Also, is there a good newbie reference for using GL Profiler? The times I've used it I couldn't make much sense of the data I was getting. I'm still new to OpenGL. :P Shark tells me that the bulk of my program's time is being spent in system routines that I can't optimize, and my timing code indicates that the amount of time spent on game logic and issuing OpenGL commands amounts to maybe a couple thousandths of a second per frame, and that the bulk of the time spent in each frame is in the flushBuffer call.
Problems getting on the fast path in OpenGL - OneSadCookie - Jun 8, 2007 04:48 PM
Do you have vsync enabled? If you just miss meeting 60Hz it could easily drop back to 30Hz for a while, even if it's still capable of doing 59...
Does this problem happen on all computers? Do you have a background process which is using a substantial amount of CPU on a regular basis?
Problems getting on the fast path in OpenGL - AnotherJake - Jun 8, 2007 04:49 PM
There has been a lot of discussion about this kind of stuff in the past, but I haven't seen it come up in a while. I have fought with that intermittent stuttering problem many times myself. There are several different ways to approach it. The very first thing to remember is that you must set your rendering to synch to VBL for release versions to avoid visual tearing. One of the side-effects of synching to VBL is that framerate will not be consistent across different display setups. LCDs will be *almost* 60 Hz, and CRTs could be many different values. Getting the VBL rate isn't very hard as I recall, but trying to set up a timer to fire at that rate never worked consistently for me because of timer drift. The timers just aren't accurate enough to guarantee everything matches up perfectly, which is where the majority of the stutter issues come from. The only thing that is perfect is VBL synch, but you'll need to overdrive the timer to fire at 1kHz for that to be completely smooth (which isn't actually a problem, as I'll get to later).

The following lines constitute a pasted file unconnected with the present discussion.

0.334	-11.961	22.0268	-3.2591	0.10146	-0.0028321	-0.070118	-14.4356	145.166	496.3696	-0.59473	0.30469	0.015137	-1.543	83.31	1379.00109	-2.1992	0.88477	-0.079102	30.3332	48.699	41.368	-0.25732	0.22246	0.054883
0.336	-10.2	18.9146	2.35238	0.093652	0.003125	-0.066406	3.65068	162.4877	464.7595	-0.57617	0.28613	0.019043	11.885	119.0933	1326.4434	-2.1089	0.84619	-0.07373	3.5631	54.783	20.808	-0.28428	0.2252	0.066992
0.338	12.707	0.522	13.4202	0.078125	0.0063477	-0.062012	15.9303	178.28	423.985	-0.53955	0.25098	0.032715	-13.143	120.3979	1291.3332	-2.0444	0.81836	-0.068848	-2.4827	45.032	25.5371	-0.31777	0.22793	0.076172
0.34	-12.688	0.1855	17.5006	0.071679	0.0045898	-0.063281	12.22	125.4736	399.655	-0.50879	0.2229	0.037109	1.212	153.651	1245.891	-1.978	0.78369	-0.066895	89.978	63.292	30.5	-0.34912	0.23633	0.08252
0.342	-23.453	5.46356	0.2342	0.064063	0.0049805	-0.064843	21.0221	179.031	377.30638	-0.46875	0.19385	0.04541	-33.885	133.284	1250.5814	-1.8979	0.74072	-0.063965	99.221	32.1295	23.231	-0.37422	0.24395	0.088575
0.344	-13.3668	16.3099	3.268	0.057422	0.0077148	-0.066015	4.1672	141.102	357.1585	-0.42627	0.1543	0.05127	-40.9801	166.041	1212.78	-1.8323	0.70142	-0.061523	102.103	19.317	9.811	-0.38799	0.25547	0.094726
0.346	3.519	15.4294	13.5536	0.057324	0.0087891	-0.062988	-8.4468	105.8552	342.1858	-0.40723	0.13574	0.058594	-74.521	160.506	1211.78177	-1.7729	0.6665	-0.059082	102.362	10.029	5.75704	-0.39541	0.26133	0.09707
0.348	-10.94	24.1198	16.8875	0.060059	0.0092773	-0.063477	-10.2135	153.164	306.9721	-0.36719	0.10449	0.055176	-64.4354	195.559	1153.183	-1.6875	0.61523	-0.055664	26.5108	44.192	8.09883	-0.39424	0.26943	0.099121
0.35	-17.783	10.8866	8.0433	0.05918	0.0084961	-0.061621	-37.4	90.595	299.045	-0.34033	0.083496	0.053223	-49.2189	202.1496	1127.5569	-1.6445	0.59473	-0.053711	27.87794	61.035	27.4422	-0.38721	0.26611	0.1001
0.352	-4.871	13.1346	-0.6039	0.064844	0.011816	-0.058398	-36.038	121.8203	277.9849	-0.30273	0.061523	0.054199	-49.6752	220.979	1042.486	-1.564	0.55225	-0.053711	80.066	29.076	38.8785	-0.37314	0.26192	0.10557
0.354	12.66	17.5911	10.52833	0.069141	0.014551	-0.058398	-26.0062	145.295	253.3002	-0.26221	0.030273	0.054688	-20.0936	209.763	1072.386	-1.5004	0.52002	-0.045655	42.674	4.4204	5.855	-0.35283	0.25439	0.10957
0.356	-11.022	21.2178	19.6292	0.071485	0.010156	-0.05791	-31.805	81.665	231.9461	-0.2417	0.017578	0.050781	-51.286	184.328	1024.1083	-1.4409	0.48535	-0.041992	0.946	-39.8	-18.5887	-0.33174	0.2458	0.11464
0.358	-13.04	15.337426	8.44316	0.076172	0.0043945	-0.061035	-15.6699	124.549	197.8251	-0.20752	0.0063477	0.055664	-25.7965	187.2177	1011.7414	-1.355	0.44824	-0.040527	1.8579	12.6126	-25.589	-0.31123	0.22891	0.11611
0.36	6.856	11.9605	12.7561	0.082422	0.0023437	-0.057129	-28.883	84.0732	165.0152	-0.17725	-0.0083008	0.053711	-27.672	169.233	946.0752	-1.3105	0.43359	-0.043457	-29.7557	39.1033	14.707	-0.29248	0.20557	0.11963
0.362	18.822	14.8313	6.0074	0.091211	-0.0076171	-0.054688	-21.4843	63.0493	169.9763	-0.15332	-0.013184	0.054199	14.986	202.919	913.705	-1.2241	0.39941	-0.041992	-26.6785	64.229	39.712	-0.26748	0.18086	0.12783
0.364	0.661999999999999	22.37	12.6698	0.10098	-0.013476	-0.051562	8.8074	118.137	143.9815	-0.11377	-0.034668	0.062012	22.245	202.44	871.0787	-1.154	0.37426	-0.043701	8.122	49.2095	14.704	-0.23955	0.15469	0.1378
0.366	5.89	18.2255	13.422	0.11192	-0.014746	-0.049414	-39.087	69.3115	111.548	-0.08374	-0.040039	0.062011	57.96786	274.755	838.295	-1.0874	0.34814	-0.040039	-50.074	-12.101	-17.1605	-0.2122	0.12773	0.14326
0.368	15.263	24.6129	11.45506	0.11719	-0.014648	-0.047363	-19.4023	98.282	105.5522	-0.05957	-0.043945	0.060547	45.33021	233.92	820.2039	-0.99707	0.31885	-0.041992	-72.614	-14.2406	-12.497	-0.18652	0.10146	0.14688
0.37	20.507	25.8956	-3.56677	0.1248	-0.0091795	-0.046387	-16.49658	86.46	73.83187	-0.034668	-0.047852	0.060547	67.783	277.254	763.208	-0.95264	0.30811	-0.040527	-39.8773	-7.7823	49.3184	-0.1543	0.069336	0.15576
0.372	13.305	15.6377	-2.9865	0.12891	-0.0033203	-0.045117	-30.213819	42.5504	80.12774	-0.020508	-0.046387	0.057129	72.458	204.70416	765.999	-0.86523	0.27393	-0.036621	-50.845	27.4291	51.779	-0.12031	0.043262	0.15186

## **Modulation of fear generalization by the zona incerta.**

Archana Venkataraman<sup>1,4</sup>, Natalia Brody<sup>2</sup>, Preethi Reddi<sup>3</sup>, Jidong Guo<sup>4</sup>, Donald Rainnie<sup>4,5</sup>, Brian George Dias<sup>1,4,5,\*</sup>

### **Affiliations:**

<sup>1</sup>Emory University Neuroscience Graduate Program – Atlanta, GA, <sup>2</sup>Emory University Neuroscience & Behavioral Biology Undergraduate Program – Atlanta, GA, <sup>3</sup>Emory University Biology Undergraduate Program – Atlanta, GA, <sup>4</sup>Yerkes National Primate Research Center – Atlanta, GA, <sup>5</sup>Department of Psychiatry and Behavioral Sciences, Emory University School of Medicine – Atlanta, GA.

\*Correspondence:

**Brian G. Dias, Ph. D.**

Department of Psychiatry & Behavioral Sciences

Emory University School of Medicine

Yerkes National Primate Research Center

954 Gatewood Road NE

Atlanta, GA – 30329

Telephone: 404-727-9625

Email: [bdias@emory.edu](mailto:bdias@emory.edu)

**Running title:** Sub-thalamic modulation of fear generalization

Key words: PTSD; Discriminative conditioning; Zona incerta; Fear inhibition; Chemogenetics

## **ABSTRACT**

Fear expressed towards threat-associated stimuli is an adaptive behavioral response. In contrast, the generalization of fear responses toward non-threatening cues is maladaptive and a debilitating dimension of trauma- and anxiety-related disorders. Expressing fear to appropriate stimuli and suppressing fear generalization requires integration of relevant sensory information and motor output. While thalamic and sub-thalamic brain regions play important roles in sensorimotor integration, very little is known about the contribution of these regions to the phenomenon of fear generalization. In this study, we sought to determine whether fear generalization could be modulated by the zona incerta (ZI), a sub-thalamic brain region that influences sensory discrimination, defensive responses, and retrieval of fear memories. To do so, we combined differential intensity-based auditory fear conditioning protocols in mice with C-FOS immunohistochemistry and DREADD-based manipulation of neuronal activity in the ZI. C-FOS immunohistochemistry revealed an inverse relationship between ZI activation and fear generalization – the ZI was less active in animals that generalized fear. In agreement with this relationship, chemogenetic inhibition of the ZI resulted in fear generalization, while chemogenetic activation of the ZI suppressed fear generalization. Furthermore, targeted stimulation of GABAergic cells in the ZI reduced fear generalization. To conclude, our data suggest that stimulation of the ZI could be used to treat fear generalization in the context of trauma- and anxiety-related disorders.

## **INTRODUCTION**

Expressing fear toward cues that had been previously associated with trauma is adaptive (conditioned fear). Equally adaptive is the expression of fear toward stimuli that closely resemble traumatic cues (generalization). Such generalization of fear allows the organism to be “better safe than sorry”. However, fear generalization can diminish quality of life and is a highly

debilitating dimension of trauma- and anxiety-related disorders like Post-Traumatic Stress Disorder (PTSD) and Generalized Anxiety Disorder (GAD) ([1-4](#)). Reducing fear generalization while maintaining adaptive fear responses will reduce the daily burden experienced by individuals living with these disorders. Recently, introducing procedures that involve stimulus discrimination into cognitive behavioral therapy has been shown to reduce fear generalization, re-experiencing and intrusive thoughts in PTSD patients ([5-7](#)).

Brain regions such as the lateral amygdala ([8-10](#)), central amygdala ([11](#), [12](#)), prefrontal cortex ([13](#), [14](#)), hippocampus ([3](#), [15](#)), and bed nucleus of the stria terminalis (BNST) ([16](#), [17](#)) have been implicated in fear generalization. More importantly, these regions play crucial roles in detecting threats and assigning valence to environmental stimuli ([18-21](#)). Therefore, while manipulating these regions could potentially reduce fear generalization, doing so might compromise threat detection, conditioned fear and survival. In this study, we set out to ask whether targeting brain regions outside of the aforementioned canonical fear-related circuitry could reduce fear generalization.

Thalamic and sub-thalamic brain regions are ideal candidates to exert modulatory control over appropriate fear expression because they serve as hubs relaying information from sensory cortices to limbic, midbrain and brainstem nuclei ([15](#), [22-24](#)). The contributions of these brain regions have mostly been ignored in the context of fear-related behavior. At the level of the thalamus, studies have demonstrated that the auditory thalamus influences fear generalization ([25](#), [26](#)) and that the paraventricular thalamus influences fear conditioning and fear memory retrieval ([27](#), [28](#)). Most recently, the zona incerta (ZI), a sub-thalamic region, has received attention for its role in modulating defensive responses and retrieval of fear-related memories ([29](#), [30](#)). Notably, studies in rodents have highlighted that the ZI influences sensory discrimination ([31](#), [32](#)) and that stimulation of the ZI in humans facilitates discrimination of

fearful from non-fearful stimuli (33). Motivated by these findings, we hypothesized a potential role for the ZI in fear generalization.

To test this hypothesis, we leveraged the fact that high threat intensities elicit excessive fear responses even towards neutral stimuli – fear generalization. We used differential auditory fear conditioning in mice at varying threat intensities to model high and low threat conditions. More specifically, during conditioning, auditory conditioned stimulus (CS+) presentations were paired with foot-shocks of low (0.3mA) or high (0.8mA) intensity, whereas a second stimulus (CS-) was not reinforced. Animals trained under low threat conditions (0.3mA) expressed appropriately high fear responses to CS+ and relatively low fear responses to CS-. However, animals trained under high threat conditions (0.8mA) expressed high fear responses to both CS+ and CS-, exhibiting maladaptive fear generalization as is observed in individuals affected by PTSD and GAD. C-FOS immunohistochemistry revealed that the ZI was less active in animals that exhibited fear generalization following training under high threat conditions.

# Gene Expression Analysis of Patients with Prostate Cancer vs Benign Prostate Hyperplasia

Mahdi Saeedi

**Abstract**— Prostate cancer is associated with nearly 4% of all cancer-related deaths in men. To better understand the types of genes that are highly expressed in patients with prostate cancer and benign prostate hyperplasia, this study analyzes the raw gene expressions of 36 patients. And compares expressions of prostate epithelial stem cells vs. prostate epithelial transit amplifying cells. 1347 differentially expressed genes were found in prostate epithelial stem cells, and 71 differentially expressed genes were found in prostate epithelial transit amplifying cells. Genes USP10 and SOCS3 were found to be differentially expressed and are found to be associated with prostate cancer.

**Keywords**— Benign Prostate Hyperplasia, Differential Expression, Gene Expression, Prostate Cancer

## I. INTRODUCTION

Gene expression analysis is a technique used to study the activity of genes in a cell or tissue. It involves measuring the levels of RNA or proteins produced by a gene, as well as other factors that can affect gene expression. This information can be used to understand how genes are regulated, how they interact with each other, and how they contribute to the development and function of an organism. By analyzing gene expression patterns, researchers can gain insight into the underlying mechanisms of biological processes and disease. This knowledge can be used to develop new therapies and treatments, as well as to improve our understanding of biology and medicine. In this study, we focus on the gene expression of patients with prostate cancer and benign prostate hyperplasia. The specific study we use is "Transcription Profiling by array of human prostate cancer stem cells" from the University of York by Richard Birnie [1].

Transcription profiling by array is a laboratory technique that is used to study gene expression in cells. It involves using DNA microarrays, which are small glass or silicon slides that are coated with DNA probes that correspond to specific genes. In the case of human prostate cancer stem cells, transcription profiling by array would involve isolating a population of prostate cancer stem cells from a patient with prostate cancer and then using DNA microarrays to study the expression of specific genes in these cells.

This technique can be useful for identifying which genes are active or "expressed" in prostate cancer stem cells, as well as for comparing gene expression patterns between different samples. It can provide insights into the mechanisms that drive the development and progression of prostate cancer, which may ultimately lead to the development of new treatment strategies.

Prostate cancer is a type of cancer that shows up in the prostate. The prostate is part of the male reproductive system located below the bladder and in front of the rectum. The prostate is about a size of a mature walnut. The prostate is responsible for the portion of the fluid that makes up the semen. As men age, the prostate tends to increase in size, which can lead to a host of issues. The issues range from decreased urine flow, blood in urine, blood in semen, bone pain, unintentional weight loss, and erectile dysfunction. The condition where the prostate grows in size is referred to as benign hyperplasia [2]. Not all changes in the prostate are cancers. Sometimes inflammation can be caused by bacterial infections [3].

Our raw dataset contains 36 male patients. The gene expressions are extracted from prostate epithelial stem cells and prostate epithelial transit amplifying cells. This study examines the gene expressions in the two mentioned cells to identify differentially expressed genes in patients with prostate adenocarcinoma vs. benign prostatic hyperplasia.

Now, taking the fact that rendering must be done at the VBL rate is fine, but decoupling updating from that doesn't work perfectly that I've seen. Your update code looks like the best approach I know of in a single threaded environment. I was doing it almost identically to yours and also had intermittent stuttering problems that I could never quite get rid of. I have yet to see a stutter-free implementation like that. In fact, I was so disappointed/frustrated with every approach I tried, that I finally bit the bullet and went multi-threaded, and it works great with no intermittent stuttering!
IF you want to give threading a try, here are some of my thoughts on it:
So for many months now (maybe a year) I've been using the threaded approach and have been extremely pleased with the results. The main thread handles all the Cocoa interface and system interaction and OpenGL rendering. I have the rendering code (which is in the main thread) set to be called by a 1k timer for maximum smoothness (VBL synch automatically blocks extra calls from the timer from rendering more than the VBL rate so there's no efficiency lost there). The sim thread (update thread) is completely decoupled from the main thread and is very consistent on timing which is called from its own timer. You could do rendering there too, but I chose to keep all rendering code in the main thread for simplicity. The update thread only handles physics, collision, game logic, etc. The rendering thread merely takes a `snapshot' of the game data at any given time when it needs to draw. The one and only serious issue that I've had with it so far that I can't seem to lick is that the sim thread sometimes doesn't run. I'll get that figured out one of these days... Anyway, it seems that the best all-around rate I've found for the sim thread timer is 110 Hz. Why that is, I don't know, but it seems to be the smoothest rate to synchronize with whatever VBL rate is going on at any given time on any given display setup; although I haven't exhaustively tested it everywhere.